|Posted on August 28, 2011 at 1:50 AM||comments (32)|
Last week, due to impending hurricane Irene, two cruise ships that home-ported in San Juan were ordered by port officials to depart several hours early, stranding hundreds of guests. Those that booked their flights through the cruise lines were put up in hotels and flown to their ship’s next port, but the vast majority had booked their own flights to save money.
But what about the others? While one cruise line chose to pay for hotels and airfare to the next port for all stranded guests (even though they were not required to do so), the other did not. So, here's why insurance and passports are so important.
Technically, a passport is not required if your ship sails round-trip from the same U.S. port, however we strongly advise all of our clients to travel with a passport because one is required for air travel between the U.S. and the Bahamas, Caribbean, Canada, and Mexico. As was the case in San Juan (a U.S. possession, so a passport wasn’t required), passengers without passports were not able to fly to their ship’s next port of call. Nor would they have been able to fly home from the Caribbean in the case of emergency.
Had the San Juan passengers purchased travel insurance, they would have been reimbursed under their policies for hotel accommodations and flights (either home or to the next port). Uninsured guests had to bear these unexpected additional costs themselves. In addition, travel insurance covers you for emergency medical expenses and evacuation, lost or delayed baggage, and trip cancellation and interruption.
|Posted on July 18, 2011 at 4:46 PM||comments (2)|
Royal Caribbean recently announced that it is increasing some charges, and changing the pricing structure, in some of its onboard specialty restaurants. There have been a lot of social media postings complaining about these increases, so I wanted to comment on the situation in this blog.
I have always been against additional onboard charges, especially for dining. When I started cruising, back in 1980, all food - including sodas in the dining room - was included in the cruise ticket. Of course, ticket prices were higher then too. During the 80's and 90's, I remember paying approximately $1,400 - $1,500 per person, based on double occupancy, for an inside room and an additional $800 per person for third and fourth passengers.
Then, after September 11th, cruise lines had to drastically cut prices because people were reluctant to travel. Cruise fares dropped to $700, $800, or even less, per passenger based on double occupancy. In order to remain profitable, cruise lines had to make up the revenue difference somewhere - and that's when onboard charges for sodas in the dining room and other items became common.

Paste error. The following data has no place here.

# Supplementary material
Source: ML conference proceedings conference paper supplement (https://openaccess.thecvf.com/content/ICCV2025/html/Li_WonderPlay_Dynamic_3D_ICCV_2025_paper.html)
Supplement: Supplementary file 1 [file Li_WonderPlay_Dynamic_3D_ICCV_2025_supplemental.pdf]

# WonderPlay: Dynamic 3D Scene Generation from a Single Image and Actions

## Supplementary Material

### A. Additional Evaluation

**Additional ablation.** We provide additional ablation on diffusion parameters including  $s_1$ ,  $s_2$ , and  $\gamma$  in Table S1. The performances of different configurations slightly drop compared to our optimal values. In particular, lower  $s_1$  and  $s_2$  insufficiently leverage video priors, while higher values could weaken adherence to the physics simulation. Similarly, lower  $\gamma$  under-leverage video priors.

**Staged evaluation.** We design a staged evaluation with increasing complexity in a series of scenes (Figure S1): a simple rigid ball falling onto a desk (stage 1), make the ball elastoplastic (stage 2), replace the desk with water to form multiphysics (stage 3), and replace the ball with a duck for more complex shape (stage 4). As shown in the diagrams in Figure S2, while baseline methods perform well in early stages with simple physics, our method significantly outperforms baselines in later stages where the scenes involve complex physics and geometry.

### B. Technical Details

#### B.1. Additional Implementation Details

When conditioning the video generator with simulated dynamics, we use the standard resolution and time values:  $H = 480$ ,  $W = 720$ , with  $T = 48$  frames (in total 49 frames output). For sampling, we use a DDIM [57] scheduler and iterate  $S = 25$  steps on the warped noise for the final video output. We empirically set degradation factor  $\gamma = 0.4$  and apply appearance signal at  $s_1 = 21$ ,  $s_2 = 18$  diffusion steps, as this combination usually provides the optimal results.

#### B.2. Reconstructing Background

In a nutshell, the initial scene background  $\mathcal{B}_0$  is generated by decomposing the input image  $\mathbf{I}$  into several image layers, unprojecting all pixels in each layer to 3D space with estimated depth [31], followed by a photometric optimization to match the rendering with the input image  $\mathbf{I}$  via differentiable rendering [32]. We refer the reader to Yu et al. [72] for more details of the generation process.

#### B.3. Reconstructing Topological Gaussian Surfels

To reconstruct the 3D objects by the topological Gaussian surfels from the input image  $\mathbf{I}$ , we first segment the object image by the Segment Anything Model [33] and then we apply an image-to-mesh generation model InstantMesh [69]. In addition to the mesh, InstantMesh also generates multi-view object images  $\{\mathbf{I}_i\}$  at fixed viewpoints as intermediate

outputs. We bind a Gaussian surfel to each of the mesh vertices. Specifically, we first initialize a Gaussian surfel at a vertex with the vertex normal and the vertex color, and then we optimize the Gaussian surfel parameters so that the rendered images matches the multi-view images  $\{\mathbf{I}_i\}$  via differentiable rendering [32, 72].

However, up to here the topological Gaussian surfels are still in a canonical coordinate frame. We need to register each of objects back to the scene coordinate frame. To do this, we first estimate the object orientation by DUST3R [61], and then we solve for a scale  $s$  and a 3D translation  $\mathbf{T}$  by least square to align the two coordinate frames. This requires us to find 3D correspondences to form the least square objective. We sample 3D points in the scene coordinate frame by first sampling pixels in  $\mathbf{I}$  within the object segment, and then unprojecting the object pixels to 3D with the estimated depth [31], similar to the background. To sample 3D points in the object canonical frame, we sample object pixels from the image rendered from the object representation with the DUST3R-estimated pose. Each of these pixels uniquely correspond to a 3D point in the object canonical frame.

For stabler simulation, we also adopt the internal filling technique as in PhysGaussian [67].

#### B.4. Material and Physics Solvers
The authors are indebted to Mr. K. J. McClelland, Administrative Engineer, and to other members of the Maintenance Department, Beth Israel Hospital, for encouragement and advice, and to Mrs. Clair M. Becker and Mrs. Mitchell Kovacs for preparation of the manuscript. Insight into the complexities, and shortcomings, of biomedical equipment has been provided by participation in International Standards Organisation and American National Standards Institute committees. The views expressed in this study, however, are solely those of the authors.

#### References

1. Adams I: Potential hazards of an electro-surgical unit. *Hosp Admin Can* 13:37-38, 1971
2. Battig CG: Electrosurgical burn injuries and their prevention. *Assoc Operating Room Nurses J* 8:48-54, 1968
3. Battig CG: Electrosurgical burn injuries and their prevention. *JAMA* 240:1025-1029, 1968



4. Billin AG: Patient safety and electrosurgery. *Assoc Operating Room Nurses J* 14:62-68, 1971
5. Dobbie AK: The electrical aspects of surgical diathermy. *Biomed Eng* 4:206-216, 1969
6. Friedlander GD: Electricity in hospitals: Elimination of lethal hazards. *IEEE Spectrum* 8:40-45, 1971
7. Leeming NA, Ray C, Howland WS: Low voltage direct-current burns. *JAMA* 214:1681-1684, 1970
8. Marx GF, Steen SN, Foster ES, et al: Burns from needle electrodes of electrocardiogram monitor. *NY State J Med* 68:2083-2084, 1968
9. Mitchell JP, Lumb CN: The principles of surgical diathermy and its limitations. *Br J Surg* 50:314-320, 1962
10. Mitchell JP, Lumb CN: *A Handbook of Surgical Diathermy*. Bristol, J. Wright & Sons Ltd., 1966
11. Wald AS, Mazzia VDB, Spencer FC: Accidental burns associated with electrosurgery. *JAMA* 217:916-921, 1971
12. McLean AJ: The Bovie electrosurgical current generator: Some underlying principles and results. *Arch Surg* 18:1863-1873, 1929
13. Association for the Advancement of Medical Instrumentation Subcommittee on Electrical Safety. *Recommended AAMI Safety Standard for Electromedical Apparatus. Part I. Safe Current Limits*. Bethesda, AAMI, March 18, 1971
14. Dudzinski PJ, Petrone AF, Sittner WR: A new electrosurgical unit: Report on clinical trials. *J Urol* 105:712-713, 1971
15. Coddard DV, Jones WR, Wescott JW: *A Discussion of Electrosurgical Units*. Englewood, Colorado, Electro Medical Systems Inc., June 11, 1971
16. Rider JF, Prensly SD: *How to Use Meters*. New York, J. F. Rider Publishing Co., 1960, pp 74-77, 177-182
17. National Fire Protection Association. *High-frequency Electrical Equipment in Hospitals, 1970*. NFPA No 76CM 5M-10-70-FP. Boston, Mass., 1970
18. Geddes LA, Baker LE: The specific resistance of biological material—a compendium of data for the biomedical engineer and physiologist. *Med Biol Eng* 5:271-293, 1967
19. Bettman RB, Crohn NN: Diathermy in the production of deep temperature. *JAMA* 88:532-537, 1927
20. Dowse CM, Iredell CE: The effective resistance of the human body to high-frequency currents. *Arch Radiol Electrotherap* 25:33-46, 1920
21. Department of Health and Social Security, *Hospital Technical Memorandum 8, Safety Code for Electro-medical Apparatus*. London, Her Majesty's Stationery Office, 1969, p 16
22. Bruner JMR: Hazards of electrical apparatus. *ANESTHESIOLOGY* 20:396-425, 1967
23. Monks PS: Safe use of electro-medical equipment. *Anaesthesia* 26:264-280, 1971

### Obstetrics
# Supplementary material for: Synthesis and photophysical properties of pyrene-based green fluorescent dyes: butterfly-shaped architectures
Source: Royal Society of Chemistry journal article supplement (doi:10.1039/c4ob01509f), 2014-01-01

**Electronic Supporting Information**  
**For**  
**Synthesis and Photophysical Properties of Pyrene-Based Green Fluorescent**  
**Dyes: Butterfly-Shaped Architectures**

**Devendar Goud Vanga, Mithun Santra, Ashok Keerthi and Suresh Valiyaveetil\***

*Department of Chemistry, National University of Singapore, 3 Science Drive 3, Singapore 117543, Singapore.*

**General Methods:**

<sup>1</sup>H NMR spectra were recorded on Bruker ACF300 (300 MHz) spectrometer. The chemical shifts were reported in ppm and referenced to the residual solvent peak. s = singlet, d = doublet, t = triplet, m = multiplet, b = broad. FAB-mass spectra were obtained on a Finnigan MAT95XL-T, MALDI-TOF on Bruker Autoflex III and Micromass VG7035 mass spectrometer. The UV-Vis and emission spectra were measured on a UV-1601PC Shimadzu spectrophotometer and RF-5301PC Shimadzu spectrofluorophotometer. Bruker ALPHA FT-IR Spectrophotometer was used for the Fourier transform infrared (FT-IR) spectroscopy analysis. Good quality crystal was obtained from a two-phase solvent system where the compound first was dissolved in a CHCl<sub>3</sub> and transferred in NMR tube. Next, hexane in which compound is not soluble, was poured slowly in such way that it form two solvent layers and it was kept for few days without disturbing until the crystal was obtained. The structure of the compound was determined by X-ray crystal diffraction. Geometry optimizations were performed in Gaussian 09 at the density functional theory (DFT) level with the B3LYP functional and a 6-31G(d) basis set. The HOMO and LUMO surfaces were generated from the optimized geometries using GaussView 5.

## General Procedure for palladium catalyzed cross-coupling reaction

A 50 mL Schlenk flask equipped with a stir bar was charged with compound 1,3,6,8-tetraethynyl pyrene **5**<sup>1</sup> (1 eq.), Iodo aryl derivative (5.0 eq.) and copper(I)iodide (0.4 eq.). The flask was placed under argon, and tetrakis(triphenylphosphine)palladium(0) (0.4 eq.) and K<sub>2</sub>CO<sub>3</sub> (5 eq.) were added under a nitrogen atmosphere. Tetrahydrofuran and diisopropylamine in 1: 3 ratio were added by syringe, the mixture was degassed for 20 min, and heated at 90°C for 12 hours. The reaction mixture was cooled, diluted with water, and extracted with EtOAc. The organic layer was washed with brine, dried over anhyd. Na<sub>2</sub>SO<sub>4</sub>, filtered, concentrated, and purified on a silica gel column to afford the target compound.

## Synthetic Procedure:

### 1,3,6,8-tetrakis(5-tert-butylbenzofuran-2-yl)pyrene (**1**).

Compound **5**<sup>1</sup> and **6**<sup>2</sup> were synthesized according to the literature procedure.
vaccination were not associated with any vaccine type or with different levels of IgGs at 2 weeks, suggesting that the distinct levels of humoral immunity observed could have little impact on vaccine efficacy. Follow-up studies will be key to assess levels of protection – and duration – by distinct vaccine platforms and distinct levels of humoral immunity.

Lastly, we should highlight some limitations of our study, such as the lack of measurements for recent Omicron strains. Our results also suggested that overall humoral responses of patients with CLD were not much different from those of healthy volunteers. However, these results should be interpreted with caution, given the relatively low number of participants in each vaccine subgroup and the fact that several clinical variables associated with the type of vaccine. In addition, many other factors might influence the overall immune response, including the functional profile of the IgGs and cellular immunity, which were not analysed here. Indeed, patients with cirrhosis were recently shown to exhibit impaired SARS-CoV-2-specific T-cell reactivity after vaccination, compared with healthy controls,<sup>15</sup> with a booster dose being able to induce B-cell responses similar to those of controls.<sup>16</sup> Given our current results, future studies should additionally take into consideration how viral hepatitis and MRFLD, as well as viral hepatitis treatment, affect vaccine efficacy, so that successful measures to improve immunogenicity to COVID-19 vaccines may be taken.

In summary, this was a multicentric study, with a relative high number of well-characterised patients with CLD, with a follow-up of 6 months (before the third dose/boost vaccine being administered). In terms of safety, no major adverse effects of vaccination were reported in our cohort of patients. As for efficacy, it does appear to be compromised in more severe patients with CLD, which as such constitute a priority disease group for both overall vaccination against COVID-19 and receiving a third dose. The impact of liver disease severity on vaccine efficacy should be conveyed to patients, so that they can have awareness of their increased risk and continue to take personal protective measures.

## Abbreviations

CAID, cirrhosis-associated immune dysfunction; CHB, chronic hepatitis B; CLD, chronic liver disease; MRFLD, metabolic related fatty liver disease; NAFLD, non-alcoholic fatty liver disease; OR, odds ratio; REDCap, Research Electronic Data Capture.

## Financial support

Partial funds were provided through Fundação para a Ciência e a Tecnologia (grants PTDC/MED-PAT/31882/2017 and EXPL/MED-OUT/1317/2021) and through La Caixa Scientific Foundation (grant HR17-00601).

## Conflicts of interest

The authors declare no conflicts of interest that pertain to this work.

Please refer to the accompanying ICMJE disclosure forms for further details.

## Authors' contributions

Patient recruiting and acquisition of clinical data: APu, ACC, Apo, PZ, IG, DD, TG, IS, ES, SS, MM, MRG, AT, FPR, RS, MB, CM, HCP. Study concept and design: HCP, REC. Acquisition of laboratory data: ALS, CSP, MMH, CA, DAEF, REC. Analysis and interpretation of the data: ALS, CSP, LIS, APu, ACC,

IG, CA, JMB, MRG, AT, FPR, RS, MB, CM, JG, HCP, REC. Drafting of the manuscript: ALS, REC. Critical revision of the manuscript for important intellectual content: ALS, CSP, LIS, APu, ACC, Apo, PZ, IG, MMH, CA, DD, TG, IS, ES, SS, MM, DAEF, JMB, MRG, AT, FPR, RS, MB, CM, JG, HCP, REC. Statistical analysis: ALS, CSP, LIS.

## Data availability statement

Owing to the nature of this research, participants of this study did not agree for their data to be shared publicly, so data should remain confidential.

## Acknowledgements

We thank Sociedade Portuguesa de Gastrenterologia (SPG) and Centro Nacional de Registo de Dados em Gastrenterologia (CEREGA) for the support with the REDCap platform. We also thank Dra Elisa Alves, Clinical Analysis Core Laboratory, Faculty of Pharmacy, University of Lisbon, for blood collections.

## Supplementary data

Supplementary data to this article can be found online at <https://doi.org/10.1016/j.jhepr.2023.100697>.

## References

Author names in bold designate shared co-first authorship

As a passenger, I much preferred paying a slightly higher ticket price, and knowing my vacation vas virtually paid for in full. The only extras were bar expenses, the casino, shore excursions, tips, and the gift shop. Since I don't drink or gamble much, and prefer to stay on the ship while in port, that left me with a nice gift shop budget. Although, if you count up all the clothing in my closet that has a Royal Caribbean logo, I probably spent more in the gift shop than most people spent in the bars and casino combined. My personal opinion is that the cruise lines should offer an additional package that a guest can purchase for a couple of hundred dollars when booking that would include a soda package, a meal at a specialty restaurant, etc. Then those who want to “pay as they go” can, and those who want a mostly-inclusive package would have an option.
As a travel agent, I review many vacation options daily, and despite onboard charges, a cruise is still the best vacation value. I have compared the cost of cruising to comparable length land-based vacations, and cruising still has the lowest per person, per day cost.
To fully understand a situation, sometimes you need to wear the other party's shoes, or in this case, sandals. Royal Caribbean Cruises Ltd. (RCCL) operates Royal Caribbean International, Celebrity Cruises, Azamara Club Cruises, and two small cruise lines based in Spain and France. I looked up RCCL's financial statements for last year at www.rclinvestor.com and found some very interesting information.
RCCL provided cruise vacations to 4.6 million guests last year, and their total ticket revenue was $4.9 billion. RCCL’s total expenses, however, totaled $6.2 billion, which resulted in a loss of $1.3 billion, or $283 per passenger, before anyone spent a dime onboard.
Luckily for RCCL, and all those who enjoy their cruises, the average passenger spent $402 onboard, which resulted in a net profit of $119 per guest. Read that again. Including cruise ticket revenue, bar tabs, casino earnings, shore excursion, photograph, and gift shop sales, and all those specialty restaurant charges, RCCL only made an average profit of $119 per passenger.
Now, a $119 profit per customer is nothing to sneeze at, but it is probably much less than what most people would assume. Since the above figures are averages, RCCL obviously makes more profit on guests sailing on longer cruises in suites than on shorter ones in interior cabins, but if the average guest spent just $120 less while onboard, the cruise line would be losing money.
I have taken 44 cruises, aboard 21 ships, and have never dined in a specialty restaurant. Except for sodas, I spend less onboard now than I did when I started cruising. Specialty restaurants are great for celebrating special occasions, but are not necessary to enjoy a fantastic cruise. So, if you object to the additional charge, just don’t eat there. If enough people stop eating at the specialty restaurants, the cruise lines will get the message. And, don’t forget to document your objection on your comment card.